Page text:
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On Having Three Class A Teams

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Here's a particularly interesting question in today's P-G Q+A:

Q: DK, why do the Pirates have two full Class A teams and one short-season A team? Frankly, I've always wondered why we have so many minor-league teams in the first place. I understand having teams at all levels, but with the "A stands for Ancient" reference Sunday, is there really a need for so many?

Ryan Kasun of Export

Yes, there is, and Dejan Kovacevic's answer doesn't completely explain why, so I'll chime in here.

In the past several years, it has not been uncommon for teams to be without one of their A-ball teams for a year. The Astros, for example, had no High-A affiliate in 2002, so they had to skip some of their players straight from Low-A to Class AA Round Rock. It's hard to say exactly what effect this had on their players, of course, but several of those who made the leap struggled at first, including prospects Chris Burke, John Buck, Rodrigo Rosario, Mike Nannini and Darwin Peguero. (Kirk Saarloos, Chad Qualls and Henri Stanley made the jump and did fine.) Burke and Buck eventually made it to the big leagues, but Nannini and Peguero never did. Rosario only got a cup of coffee. Even Buck did not hit especially well again until 2004.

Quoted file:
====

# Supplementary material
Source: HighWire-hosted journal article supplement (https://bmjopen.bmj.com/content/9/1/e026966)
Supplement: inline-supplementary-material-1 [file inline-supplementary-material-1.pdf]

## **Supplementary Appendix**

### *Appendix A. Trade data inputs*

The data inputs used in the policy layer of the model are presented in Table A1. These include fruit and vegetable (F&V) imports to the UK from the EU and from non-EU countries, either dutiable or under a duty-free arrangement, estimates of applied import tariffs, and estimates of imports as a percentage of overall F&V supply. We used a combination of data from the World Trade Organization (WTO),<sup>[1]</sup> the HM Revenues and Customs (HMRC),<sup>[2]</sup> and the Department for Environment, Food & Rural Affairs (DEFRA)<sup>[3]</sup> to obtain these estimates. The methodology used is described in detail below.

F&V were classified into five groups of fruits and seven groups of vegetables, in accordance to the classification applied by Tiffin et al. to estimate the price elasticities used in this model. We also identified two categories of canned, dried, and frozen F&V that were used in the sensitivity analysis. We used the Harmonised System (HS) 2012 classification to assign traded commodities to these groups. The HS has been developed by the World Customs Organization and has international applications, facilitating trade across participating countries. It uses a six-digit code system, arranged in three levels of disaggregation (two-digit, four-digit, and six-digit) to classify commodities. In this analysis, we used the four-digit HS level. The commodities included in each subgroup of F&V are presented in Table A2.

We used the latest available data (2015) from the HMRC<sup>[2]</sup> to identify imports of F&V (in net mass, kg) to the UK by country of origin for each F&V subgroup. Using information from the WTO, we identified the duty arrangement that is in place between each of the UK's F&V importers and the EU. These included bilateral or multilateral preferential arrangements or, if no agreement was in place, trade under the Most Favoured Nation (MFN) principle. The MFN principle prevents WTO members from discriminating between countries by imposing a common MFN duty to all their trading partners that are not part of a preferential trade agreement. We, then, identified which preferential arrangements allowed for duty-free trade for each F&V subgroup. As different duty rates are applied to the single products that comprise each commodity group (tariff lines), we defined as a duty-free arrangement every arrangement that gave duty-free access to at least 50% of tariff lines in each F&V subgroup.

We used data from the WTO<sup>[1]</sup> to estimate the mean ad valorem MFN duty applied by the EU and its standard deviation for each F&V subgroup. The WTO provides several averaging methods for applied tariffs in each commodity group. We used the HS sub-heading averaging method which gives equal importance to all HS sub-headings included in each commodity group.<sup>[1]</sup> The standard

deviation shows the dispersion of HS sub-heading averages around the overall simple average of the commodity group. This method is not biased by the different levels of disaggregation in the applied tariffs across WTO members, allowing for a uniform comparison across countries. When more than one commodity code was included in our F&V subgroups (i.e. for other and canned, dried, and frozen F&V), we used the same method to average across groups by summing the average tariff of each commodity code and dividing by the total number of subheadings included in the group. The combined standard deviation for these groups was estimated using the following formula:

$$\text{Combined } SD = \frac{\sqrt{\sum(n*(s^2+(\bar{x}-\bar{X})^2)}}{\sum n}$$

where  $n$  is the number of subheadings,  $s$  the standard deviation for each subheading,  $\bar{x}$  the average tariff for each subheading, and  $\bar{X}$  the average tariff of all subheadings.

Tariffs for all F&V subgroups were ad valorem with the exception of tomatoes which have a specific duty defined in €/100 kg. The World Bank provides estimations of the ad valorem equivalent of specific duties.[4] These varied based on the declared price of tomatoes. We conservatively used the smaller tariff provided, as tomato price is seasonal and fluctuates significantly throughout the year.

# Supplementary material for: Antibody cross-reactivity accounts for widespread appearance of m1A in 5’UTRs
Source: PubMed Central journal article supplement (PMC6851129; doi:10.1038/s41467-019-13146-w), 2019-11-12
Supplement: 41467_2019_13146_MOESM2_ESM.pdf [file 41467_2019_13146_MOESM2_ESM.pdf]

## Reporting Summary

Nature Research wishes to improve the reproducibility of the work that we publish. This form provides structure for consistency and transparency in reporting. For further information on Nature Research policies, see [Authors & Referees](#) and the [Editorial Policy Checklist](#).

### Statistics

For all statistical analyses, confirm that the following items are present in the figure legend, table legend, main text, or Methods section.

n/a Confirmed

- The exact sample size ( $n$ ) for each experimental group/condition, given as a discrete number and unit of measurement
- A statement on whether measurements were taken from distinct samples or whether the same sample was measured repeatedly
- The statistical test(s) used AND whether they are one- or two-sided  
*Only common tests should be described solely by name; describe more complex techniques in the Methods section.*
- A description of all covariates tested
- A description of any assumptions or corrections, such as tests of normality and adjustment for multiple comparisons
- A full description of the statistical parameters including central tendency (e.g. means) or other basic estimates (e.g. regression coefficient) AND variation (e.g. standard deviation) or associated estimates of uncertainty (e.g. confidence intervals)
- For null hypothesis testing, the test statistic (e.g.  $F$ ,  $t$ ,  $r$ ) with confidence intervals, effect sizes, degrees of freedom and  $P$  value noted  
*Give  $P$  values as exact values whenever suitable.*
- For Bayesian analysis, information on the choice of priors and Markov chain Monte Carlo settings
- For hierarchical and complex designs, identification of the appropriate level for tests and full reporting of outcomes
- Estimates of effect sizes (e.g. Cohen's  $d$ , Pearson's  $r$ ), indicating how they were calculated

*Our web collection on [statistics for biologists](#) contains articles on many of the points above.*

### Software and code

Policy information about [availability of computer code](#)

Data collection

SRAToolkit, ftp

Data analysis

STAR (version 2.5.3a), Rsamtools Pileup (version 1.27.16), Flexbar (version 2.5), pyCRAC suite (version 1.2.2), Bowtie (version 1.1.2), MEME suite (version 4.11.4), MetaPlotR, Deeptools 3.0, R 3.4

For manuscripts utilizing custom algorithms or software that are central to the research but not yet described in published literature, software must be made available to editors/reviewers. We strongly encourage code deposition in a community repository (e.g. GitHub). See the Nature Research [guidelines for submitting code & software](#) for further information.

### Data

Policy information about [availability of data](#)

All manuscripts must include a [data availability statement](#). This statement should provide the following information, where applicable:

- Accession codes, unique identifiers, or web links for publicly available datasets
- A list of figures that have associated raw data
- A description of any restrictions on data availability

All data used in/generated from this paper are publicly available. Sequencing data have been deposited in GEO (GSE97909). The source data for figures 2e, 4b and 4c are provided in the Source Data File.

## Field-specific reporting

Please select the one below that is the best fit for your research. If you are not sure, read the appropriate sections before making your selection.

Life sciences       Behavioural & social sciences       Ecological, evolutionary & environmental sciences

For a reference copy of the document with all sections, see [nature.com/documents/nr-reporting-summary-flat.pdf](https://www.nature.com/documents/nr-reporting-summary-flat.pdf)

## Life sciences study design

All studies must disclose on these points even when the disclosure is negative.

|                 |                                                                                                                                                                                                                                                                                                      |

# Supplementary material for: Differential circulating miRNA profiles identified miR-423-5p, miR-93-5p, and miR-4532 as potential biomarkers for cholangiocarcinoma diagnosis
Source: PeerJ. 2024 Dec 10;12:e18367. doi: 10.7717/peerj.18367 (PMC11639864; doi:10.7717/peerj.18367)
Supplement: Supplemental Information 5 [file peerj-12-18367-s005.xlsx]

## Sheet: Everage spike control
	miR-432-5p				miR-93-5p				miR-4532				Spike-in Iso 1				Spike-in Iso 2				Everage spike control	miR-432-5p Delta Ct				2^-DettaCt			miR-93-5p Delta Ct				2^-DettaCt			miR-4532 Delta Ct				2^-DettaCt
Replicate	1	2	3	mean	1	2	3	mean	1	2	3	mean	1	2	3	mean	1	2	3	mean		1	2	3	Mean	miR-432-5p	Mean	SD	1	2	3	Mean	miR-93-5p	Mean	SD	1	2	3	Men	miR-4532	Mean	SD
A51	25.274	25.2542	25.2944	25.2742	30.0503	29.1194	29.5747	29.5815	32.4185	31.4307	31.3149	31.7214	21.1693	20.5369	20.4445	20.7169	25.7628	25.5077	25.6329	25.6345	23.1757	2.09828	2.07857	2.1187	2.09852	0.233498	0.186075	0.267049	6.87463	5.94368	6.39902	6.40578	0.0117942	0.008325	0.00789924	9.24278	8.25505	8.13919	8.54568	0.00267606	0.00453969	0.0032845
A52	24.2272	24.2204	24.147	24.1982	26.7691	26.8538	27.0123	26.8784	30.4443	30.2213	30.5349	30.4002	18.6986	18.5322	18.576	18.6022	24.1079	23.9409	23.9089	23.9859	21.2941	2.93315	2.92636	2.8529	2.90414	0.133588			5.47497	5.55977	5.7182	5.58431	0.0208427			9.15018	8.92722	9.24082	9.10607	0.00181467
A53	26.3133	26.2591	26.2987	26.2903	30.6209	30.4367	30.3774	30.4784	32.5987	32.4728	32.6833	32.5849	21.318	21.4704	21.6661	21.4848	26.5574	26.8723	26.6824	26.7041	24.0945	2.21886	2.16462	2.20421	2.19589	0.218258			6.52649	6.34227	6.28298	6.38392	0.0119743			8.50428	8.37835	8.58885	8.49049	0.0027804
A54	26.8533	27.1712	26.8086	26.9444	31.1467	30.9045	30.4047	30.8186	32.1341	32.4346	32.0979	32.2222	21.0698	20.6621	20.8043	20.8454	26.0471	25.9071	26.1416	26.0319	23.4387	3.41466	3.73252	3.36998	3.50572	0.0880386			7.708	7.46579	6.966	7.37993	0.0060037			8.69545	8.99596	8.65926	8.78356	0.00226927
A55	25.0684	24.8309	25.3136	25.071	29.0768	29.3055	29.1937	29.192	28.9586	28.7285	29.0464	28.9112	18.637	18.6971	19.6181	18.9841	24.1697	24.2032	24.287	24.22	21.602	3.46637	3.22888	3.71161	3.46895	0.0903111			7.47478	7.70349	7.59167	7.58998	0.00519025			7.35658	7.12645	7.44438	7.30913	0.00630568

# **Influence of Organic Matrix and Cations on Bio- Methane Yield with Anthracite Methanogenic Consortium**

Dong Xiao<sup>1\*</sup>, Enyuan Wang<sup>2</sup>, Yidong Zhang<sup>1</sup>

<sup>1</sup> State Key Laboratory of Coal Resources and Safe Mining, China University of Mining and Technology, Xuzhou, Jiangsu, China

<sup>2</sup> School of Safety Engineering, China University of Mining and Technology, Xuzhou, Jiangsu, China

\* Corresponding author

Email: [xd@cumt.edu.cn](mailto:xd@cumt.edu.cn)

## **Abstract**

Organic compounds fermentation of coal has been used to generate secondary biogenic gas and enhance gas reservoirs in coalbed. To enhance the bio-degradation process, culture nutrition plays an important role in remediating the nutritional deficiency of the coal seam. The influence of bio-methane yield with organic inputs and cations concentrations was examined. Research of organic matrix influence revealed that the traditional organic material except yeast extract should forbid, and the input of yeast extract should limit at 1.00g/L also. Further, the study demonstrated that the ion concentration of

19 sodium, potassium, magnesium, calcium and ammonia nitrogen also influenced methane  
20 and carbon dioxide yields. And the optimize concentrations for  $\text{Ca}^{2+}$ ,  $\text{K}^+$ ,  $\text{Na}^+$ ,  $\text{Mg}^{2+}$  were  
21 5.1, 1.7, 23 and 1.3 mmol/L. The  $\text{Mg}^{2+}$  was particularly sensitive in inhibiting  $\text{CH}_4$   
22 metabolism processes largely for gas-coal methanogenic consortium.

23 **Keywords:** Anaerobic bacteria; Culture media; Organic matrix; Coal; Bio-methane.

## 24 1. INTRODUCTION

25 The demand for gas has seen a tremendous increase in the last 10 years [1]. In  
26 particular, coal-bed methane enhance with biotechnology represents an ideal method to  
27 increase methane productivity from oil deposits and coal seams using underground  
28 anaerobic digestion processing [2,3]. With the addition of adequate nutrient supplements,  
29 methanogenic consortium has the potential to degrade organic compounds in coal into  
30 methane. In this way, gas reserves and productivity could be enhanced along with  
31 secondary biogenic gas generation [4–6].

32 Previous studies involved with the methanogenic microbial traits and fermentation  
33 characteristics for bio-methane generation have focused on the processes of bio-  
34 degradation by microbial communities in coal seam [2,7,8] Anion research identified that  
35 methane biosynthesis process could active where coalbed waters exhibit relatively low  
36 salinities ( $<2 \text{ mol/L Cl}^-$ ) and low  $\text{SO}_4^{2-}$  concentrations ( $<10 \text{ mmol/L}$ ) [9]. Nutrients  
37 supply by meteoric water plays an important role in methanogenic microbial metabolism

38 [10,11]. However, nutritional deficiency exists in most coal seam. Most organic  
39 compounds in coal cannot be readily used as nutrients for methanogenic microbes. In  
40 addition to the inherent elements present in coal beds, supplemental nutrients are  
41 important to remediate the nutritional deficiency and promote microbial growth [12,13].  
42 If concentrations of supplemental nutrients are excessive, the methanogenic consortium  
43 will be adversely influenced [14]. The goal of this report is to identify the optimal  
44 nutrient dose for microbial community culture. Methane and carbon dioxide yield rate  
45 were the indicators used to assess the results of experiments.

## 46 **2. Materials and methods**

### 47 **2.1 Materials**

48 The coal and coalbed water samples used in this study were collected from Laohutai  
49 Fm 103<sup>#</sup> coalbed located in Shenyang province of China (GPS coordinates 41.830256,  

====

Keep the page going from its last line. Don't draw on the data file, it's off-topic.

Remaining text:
Prospects fail for lots of reasons, of course, and so it's hard to pin some of these guys' failures directly on the Astros' lack of a High-A affiliate, but the point here is that this is really not an area where the Pirates should be cutting corners. Forcing prospects to skip levels when they're not ready to does not help them. If the Pirates are filling their A-ball rosters with over-aged players, then the solution, as Kovacevic suggests, is not to shut down an affiliate, but rather to get more prospects.